Travel responsibly – stay at home

Baby elephant

I’d like to travel responsibly. I mean, who wouldn’t? It would be nice to think that wherever I choose to go I make a positive impact on the places I visit while at the same time the process of actually getting there involves me burning up as little fossil fuel as possible.

But how do I go about achieving this laudable goal? Let’s start by trying to make as small a negative footprint as is possible. Flying is a big no-no, what with the gazillion tons of carbon dioxide emitted on every flight. On a one-way 12-hour trip to SE Asia for example I am personally responsible for the emission of 3 tonnes of CO2.* A tonne of CO2 is equivalent to the weight of 10 baby elephants and would fill a typical 25m swimming pool**. That makes 3 tonnes sound like a frighteningly high amount. Add that again for the trip home and add the same for my wife; that’s one hell of a lot of baby elephants and gas-filled swimming pools just for a simple return trip for two.

Trains are a little kinder on the emissions, cars less so; cycling and walking are better still, with only the fuel used in the manufacture of our bikes or hiking boots to worry about. In short, the slower we move, the less trouble we’re causing for the future of the world.

So shouldn’t we all just stay at home and explore our own back yards instead? Many avid travellers argue that the positive impact of visiting other countries outweighs the negative effect of the oil-burning greenhouse gas-creating process of getting there in the first place. So how does that work?

If you spend a few months delivering medical services, training essential workers or building basic services in a community in need, the argument is probably a strong one and your good v bad equation is probably in credit; polish your halo and move on. But what about the rest of us, going as tourists to see what we’ve come to see, or even as travellers to see what we see?

It’s pretty hard for me to measure any positive impact from a trip and try to claim I’ve justified all those elephants and swimming pools’ worth of gas. Even if I’ve spent my time working with elephants for a week or two, the good that I’ve done is compromised by my getting there in the first place. But enough of elephants. What about our interactions with local people – our acts of commerce, of cultural exchange, of learning and spreading positive values that help create a better world? How much benefit do we create for others or for ourselves when we visit a place for a week or a month? Does it justify the environmental harm we do in getting there? Could we not have just as good a trip, experience as many new things and leave as positive an impact by throwing on a backpack and heading off for an adventure near to our homes? Just think: fewer airports, fewer big hotels, fewer gas-choking minibuses tearing around packed holiday resorts. Consider all those elephants of gas that would be saved.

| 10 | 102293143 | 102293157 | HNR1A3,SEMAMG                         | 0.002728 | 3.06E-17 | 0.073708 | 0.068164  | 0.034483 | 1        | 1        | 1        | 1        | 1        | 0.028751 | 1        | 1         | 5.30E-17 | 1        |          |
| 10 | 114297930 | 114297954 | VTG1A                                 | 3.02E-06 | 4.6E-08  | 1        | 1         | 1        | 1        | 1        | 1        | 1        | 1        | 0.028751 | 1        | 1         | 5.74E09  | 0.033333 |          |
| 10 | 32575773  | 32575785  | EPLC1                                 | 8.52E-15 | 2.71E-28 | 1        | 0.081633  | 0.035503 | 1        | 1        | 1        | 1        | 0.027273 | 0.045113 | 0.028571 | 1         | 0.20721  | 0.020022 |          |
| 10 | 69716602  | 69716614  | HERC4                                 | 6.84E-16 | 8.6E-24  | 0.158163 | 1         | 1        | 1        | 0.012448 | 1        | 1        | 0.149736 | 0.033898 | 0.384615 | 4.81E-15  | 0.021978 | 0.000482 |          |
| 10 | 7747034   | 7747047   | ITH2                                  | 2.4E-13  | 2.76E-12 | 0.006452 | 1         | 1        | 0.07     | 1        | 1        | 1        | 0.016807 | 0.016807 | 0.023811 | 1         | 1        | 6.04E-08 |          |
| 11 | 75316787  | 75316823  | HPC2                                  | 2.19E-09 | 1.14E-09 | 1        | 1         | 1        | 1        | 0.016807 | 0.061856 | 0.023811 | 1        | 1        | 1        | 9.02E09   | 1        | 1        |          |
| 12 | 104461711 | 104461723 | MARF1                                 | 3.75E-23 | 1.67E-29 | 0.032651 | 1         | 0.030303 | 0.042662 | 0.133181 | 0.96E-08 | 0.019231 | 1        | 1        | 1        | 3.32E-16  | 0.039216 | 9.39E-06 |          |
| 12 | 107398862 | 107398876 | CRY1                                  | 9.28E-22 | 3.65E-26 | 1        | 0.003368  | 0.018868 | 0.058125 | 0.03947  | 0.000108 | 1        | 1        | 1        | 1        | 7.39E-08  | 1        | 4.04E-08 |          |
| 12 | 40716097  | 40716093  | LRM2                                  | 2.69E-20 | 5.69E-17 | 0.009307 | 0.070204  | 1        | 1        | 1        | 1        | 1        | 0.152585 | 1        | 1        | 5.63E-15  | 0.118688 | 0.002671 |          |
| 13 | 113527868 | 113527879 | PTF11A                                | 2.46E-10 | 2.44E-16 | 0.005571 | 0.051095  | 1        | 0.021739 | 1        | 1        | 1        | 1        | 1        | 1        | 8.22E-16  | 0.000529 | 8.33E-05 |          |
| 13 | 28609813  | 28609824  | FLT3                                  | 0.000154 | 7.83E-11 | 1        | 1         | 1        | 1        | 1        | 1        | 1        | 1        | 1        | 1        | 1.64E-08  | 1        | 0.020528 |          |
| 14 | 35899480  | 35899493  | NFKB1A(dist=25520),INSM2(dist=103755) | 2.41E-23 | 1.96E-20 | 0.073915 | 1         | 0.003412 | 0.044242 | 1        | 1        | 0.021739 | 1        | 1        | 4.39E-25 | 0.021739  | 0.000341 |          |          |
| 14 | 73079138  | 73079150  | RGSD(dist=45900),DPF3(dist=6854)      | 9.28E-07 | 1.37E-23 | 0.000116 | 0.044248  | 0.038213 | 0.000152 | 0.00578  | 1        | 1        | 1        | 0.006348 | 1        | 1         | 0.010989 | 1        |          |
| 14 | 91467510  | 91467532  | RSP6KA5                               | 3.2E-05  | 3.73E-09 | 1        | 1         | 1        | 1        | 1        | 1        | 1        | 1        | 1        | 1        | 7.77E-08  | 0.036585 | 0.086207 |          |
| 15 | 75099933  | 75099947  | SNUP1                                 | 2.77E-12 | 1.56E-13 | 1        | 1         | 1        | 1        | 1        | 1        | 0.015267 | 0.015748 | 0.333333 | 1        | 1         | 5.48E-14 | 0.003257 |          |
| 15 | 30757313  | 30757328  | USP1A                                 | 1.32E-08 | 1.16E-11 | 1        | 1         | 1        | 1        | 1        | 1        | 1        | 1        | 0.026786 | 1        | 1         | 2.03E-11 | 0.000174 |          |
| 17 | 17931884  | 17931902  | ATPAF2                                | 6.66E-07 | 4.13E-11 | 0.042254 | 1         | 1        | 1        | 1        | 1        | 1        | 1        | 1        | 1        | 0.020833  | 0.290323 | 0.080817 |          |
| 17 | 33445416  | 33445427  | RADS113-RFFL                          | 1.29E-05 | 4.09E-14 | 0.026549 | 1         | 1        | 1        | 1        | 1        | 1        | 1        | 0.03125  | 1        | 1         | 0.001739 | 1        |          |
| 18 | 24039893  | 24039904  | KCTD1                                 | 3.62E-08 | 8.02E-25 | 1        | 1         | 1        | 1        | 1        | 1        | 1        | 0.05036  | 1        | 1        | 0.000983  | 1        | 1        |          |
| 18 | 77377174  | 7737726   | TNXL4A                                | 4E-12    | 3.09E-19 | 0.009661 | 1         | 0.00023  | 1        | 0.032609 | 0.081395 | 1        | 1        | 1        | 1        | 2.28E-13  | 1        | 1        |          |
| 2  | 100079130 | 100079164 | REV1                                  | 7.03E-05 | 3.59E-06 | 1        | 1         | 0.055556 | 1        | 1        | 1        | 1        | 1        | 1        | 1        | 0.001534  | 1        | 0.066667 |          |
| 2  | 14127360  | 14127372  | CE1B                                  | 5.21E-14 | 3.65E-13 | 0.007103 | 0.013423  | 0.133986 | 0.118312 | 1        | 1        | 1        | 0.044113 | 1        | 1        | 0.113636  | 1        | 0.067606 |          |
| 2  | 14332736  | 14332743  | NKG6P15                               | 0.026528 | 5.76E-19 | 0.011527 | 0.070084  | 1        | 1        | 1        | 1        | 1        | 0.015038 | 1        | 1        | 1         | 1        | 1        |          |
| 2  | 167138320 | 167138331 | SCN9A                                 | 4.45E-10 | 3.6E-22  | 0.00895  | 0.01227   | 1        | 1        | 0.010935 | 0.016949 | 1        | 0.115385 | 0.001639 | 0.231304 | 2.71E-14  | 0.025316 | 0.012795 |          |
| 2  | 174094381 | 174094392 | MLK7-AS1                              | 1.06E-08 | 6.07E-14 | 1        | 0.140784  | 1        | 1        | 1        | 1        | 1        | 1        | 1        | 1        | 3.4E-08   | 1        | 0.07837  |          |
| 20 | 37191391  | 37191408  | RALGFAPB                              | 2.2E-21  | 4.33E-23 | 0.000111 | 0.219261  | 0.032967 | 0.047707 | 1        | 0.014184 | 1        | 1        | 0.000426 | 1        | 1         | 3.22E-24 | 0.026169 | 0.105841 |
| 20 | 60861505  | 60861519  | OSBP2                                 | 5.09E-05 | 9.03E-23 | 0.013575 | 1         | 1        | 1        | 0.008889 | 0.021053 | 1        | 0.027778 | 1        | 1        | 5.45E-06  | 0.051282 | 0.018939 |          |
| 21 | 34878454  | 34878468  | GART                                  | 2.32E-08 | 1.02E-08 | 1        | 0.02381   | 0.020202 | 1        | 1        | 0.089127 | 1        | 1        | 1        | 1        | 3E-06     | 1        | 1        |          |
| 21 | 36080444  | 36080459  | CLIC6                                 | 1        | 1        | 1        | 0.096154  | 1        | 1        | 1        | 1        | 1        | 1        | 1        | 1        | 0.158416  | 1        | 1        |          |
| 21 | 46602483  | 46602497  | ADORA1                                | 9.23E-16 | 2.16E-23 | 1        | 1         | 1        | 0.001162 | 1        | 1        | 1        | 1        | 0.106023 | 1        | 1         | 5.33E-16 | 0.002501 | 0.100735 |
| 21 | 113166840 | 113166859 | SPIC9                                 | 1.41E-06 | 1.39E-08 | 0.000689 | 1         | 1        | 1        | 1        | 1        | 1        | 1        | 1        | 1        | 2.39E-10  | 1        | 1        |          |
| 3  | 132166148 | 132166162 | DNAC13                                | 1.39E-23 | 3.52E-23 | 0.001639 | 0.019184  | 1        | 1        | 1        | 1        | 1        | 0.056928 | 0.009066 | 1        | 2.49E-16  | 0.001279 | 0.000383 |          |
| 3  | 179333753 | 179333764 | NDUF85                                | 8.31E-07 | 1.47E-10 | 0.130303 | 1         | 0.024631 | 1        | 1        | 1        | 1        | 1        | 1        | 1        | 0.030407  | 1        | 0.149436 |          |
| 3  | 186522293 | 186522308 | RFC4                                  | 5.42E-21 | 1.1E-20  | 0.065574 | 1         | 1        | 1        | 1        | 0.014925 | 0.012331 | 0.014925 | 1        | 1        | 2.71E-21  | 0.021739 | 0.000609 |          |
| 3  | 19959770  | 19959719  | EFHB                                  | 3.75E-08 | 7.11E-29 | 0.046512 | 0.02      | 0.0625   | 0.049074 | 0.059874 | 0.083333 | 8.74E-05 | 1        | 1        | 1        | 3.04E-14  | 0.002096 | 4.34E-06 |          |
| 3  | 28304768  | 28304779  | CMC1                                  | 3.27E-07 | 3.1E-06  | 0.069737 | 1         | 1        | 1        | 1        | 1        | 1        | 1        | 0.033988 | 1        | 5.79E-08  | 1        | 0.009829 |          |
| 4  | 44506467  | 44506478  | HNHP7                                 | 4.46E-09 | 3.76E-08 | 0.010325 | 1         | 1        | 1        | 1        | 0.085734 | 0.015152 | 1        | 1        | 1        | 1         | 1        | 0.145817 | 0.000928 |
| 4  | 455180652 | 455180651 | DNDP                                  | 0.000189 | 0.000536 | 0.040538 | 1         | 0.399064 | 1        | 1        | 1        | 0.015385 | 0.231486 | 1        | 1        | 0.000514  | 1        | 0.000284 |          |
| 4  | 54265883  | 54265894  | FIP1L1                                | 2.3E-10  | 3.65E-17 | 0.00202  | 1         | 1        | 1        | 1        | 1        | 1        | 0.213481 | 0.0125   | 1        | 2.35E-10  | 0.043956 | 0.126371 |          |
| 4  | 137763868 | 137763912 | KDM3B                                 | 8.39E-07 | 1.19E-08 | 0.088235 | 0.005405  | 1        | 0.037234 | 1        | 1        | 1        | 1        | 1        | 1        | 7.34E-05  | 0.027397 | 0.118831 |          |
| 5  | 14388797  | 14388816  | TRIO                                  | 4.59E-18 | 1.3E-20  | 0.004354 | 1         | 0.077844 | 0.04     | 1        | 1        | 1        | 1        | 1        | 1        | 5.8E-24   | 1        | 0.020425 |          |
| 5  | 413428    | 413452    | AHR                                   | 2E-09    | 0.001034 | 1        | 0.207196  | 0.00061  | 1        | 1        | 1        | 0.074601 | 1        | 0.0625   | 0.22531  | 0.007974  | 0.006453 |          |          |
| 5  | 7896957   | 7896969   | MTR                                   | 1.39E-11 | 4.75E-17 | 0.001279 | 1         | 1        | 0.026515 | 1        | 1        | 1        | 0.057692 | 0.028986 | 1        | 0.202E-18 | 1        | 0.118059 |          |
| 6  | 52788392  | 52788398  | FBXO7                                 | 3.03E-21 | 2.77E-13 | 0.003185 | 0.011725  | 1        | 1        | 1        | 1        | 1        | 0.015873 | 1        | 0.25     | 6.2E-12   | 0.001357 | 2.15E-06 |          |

And then, even if we’ve decided that our travels are necessary for ourselves and the rest of mankind, we need to think about where our money is going. Are we rewarding rogues and scoundrels with our money and propping up their corrupt regimes, immoral practices and intolerant ideas? Shouldn’t we avoid countries with a record of poor human rights, a lack of basic freedoms, repression of minority groups or questionable foreign interventions? What about those where animals are exploited in the name of entertainment? That’s at least 90% of the world off the list already and we’ve barely started; dig a bit and we can soon find reasons to exclude the rest.

Can travel ever be a responsible act? Tour operators, whose business depends on you thinking about faraway lands of smiling people rather than elephants and gas, would have you believe it does. But if the figures are to be believed, the return flights alone for our recent trips to Brazil and Japan account for a whopping 24 baby elephants’ worth of CO2 emissions. The simple act of travelling, especially by air, creates such a negative balance that we’d need to do a massive amount of elephant-sized goodness for our wanderings to have a positive effect. Perhaps to get on a plane and then hope to travel responsibly is a contradiction too far; instead of talking about responsible travel we should perhaps aspire to nothing more grand than the act of travelling less irresponsibly.

*Source: Carbon Independent 
** Source: University of St Mark and St John, Plymouth 

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Freelance travel writer

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